While sliding patio doors are widespread, modern versions provide a variety of upgrades. Improved lock hardware, tinted windows, and window coverings installed in the space between panes of glass are just the beginning of the privacy-enhancing measures that may be installed. Whatever it is that you want in a house, you can find it.
The Patio Door’s Construction Materials and Operation
- Before installing, check that the control panel is properly fastened.
- Respect the application and handling guidelines provided by the product’s manufacturer.
- Please keep dirt, moisture, sunlight, and any in-folding from damaging the adhesive surfaces.
- Always hold the handle at a vertical angle and do not drag it.
- Joints, edges, and frames shouldn’t be strained in any way.
- Patio doors should be kept in a dry, well-ventilated location, tilting vertically to facilitate air flow instead of stacked horizontally.
- Keep out of direct sunlight when storing.
- Never install horizontally, and make sure the sheathing is dry before you start.
- Using a sealer that contains a solvent is not recommended for vinyl.
Steps on How to Install Patio Doors
Following are the fundamental procedures for removing the old door and installing the new one securely, ensuring that it will be airtight, look excellent, and survive for years to come.
Step 1: Take off the old inside molding
The surrounding trim around the current patio door unit must be removed prior to its removal. The caulk and paint may be easily removed with a utility knife. Wallboard might be torn if you try to remove the trim by pulling on it instead of cutting it. Use a firm putty knife to loosen the trim, and then pry it off.
Step 2: Begin taking the door apart
Considering the door unit’s weight, it’s best to disassemble it into as many parts as possible before working on it. Before you can remove the sliding panel, you’ll need to take off any stops or decorative trim that are keeping it in place.
If you’ve completed this step, you may proceed outdoors to begin removing the external trim. Carefully cut through the paint and caulk here as you did on the inside sections to avoid damaging the rest of the home.
Step 3: Consider potential external challenges
Getting a pry bar underneath the wood to pry it away from the house and remove the external trim is a common challenge. If this is the case, you’ll need a magnet and a tool called a tiger’s paw to get to the nail heads hidden under the filler and paint.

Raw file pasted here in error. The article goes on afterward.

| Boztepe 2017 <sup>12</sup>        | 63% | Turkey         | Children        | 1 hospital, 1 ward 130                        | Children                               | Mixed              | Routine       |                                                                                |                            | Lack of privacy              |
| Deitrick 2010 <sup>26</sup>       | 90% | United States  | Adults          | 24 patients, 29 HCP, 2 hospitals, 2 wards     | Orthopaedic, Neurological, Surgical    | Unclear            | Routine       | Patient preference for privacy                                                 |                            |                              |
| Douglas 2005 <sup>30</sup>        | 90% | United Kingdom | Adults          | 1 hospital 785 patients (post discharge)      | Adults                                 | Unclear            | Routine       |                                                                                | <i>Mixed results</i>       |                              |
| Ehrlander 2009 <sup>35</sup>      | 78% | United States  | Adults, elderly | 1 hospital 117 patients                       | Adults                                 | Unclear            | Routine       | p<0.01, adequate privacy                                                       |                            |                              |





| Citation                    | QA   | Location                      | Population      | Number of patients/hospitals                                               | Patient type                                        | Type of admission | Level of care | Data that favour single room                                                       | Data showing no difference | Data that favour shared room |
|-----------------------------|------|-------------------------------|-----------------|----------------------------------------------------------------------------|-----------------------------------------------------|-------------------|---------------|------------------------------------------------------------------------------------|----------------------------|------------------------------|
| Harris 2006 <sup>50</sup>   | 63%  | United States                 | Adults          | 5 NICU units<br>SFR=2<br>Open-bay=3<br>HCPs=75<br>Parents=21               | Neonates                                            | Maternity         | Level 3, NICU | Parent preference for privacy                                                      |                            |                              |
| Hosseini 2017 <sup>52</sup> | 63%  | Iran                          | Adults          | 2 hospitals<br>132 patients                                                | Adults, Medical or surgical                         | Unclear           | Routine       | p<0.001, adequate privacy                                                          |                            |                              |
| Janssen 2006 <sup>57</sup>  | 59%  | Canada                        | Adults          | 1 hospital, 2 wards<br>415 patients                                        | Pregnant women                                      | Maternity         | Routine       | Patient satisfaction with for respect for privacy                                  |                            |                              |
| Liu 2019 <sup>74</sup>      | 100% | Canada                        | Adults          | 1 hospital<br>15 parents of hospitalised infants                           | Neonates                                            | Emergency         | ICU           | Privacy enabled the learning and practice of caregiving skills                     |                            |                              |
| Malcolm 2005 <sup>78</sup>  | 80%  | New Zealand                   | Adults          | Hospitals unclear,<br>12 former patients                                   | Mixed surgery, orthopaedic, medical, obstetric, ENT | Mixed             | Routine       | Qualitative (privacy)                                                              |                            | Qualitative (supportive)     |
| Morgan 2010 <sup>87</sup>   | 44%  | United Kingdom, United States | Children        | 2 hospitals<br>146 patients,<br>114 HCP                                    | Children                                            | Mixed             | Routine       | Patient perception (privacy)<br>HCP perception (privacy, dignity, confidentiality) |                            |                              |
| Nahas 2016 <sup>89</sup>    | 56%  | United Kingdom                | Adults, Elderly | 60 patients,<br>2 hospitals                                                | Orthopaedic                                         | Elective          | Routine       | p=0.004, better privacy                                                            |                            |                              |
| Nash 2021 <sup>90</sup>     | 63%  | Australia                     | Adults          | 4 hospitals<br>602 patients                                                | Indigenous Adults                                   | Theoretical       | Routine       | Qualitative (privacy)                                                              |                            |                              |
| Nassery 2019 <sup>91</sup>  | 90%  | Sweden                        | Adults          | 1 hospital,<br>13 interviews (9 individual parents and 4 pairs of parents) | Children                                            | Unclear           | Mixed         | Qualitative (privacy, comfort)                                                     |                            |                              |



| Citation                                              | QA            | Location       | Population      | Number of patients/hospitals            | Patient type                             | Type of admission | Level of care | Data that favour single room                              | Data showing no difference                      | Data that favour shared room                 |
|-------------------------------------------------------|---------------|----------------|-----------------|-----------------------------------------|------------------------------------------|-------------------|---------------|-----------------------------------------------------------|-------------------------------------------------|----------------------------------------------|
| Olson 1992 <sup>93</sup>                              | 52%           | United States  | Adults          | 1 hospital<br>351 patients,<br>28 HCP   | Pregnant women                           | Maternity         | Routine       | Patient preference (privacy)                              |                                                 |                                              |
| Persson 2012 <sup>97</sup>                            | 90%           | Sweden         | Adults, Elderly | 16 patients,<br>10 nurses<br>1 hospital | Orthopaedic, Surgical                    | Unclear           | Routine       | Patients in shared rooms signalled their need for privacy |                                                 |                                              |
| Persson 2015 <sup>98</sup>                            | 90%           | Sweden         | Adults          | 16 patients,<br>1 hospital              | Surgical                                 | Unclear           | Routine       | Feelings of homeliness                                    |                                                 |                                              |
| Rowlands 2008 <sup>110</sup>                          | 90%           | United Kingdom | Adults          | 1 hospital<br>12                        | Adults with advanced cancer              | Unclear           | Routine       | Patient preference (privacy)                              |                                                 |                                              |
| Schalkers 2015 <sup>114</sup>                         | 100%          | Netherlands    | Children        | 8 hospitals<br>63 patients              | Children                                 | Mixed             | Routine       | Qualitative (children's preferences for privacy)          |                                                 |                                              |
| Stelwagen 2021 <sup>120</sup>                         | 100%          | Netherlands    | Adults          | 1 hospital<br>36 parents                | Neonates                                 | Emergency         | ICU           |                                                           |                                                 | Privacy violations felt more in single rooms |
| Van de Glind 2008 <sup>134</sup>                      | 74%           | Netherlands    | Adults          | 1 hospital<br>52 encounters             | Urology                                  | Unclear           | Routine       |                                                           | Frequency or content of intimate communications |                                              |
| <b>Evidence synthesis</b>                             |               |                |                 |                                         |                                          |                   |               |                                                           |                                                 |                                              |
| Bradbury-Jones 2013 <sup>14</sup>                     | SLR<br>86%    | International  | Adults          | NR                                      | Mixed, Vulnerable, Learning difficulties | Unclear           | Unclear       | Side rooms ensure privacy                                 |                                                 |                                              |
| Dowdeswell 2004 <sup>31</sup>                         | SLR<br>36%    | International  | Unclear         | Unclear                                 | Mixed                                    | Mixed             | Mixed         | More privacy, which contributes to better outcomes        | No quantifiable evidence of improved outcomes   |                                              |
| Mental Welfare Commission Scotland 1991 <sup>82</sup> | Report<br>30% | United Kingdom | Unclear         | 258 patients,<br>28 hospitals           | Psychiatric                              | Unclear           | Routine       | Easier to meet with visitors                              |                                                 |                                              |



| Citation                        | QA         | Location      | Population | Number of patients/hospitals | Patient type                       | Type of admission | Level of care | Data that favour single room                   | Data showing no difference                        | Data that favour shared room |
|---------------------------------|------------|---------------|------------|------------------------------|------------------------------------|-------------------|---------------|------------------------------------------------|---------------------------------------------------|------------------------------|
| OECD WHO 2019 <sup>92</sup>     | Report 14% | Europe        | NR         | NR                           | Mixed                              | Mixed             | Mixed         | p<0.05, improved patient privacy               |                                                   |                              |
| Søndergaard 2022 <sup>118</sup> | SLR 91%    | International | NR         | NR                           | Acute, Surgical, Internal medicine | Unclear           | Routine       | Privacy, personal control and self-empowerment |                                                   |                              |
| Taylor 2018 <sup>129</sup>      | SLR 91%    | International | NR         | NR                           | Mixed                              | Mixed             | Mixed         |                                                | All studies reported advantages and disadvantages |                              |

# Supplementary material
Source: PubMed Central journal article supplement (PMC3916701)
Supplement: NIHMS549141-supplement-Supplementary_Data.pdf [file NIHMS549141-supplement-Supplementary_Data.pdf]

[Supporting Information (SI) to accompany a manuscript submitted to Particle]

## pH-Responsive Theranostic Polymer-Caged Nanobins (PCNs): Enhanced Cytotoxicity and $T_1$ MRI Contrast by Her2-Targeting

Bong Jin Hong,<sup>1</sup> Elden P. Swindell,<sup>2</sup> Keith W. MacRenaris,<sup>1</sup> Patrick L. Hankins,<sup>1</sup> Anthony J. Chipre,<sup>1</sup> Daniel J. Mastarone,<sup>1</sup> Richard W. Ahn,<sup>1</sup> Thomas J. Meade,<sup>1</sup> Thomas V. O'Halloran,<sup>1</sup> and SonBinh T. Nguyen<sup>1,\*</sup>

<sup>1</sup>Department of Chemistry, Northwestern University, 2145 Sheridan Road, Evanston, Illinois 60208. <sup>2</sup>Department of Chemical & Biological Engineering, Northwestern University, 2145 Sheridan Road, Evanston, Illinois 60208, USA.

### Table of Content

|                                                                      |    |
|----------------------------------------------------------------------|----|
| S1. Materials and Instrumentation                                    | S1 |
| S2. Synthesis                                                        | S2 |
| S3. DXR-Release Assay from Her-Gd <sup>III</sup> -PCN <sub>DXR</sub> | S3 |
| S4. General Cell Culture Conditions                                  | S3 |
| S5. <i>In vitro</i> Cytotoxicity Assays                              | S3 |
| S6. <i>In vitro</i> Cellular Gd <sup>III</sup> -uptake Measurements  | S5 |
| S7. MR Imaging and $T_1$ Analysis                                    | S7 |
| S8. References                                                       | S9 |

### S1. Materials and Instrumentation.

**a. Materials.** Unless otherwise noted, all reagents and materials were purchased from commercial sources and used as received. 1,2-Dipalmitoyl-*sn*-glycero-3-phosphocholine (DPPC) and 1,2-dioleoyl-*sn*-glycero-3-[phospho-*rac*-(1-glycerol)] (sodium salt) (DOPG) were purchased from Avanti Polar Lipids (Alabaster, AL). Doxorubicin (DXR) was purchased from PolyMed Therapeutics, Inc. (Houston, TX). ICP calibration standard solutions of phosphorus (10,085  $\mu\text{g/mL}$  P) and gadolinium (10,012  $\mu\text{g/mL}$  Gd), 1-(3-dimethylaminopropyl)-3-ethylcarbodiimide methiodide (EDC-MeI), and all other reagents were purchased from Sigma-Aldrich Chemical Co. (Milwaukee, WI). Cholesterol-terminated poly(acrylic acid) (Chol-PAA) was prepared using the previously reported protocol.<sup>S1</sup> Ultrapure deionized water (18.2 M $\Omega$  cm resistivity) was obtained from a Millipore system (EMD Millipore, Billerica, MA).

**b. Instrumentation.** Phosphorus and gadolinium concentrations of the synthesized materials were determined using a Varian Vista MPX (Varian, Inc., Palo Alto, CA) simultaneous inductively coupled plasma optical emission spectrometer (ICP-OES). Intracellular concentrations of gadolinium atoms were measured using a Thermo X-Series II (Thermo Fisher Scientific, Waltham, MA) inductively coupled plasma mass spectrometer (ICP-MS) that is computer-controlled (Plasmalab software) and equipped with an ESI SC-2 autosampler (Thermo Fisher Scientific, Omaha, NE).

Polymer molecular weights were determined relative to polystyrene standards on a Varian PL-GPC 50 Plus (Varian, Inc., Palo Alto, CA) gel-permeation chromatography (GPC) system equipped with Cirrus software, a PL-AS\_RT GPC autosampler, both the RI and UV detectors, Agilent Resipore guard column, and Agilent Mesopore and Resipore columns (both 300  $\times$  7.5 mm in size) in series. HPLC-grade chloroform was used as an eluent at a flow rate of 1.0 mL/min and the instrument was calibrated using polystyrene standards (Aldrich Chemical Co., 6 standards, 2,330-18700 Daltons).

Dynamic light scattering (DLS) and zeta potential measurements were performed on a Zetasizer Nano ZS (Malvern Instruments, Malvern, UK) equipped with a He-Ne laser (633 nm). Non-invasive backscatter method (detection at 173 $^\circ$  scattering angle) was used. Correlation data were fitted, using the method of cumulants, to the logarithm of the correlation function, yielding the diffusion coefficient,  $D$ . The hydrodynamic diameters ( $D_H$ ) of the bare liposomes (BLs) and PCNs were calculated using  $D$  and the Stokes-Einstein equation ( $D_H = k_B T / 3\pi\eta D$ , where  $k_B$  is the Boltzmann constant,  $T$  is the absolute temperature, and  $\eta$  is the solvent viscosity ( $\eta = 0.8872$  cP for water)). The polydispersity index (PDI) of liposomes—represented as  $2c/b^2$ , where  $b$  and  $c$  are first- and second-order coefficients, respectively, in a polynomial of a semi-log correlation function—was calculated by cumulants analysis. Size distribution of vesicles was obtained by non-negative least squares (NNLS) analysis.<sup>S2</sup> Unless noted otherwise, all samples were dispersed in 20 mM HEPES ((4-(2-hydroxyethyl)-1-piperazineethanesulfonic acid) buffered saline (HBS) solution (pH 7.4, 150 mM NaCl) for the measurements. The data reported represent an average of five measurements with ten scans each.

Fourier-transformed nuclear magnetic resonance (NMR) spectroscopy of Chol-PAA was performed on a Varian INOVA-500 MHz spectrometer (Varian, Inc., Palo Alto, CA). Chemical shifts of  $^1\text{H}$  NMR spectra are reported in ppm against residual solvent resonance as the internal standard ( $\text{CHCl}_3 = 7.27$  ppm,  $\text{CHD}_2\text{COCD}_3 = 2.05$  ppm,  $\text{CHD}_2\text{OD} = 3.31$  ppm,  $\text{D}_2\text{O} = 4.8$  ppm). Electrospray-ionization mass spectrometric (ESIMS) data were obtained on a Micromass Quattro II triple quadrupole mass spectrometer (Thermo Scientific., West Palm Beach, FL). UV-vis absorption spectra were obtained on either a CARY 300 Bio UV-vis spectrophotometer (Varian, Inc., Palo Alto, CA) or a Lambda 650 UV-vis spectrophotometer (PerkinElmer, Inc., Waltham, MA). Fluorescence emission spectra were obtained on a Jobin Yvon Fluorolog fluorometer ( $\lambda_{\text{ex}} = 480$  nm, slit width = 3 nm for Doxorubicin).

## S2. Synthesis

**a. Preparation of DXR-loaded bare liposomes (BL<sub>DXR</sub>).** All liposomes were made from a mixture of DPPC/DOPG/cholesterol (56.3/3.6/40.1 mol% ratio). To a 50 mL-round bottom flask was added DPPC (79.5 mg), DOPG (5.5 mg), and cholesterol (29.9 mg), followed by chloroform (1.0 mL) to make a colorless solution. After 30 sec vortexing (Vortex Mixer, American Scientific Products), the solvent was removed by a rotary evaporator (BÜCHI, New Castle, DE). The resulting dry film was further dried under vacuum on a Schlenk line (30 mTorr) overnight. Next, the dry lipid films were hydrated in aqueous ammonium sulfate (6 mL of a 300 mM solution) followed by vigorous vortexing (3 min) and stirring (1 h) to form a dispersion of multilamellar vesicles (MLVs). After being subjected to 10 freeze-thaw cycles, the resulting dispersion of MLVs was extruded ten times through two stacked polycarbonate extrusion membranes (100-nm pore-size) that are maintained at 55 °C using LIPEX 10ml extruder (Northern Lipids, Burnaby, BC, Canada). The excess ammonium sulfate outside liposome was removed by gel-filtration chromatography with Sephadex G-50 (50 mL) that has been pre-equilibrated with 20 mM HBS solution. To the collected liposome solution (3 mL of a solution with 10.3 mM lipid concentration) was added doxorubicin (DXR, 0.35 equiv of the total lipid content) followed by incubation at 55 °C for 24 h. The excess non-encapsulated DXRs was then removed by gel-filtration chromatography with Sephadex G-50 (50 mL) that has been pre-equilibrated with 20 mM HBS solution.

Step 4: Take Away the Last of the Bolts From the Outdated Patio Door
Take off the nails and screws that are holding the old door panel in place. Finding one of them that has been driven through the jamb might be a challenge. Check behind the strike plates and/or beneath the door track.
To remove the old unit, make sure all of the screws and nails have been removed, and then tap it out of the hole with a hammer. Don’t forget to make some room by pressing against the house’s exterior.
Step 5: Get the new patio door’s rough opening ready
When the old door has been taken out of the way, you should get the space ready for the new one. It is important to use a level to ensure that the sill and the sides of the aperture are flush with one another. If you think the hole is too huge, you may fill it up with plywood strips.
Step 6: Make sure the opening is watertight
A new sliding patio door requires that the rough opening be sealed up from the elements before installation. Apply foil-backed tape along the sill and continue it up the side jamb for a distance of approximately 6 inches.
Trim the corners and rewind the tape as if you were wrapping a gift. Seal the threshold with a second piece of tape, and make sure the sides and header are also sealed. Put back the sill molding you took off to remove the previous unit after the foil tape is completely sealed.
Step 7: Install the Replacement Door
You should apply three parallel beads of silicone sealant along the sill of the new patio door unit before installing it. Caulk may be preserved if the door unit is placed in its final location with its bottom edge touching the floor first.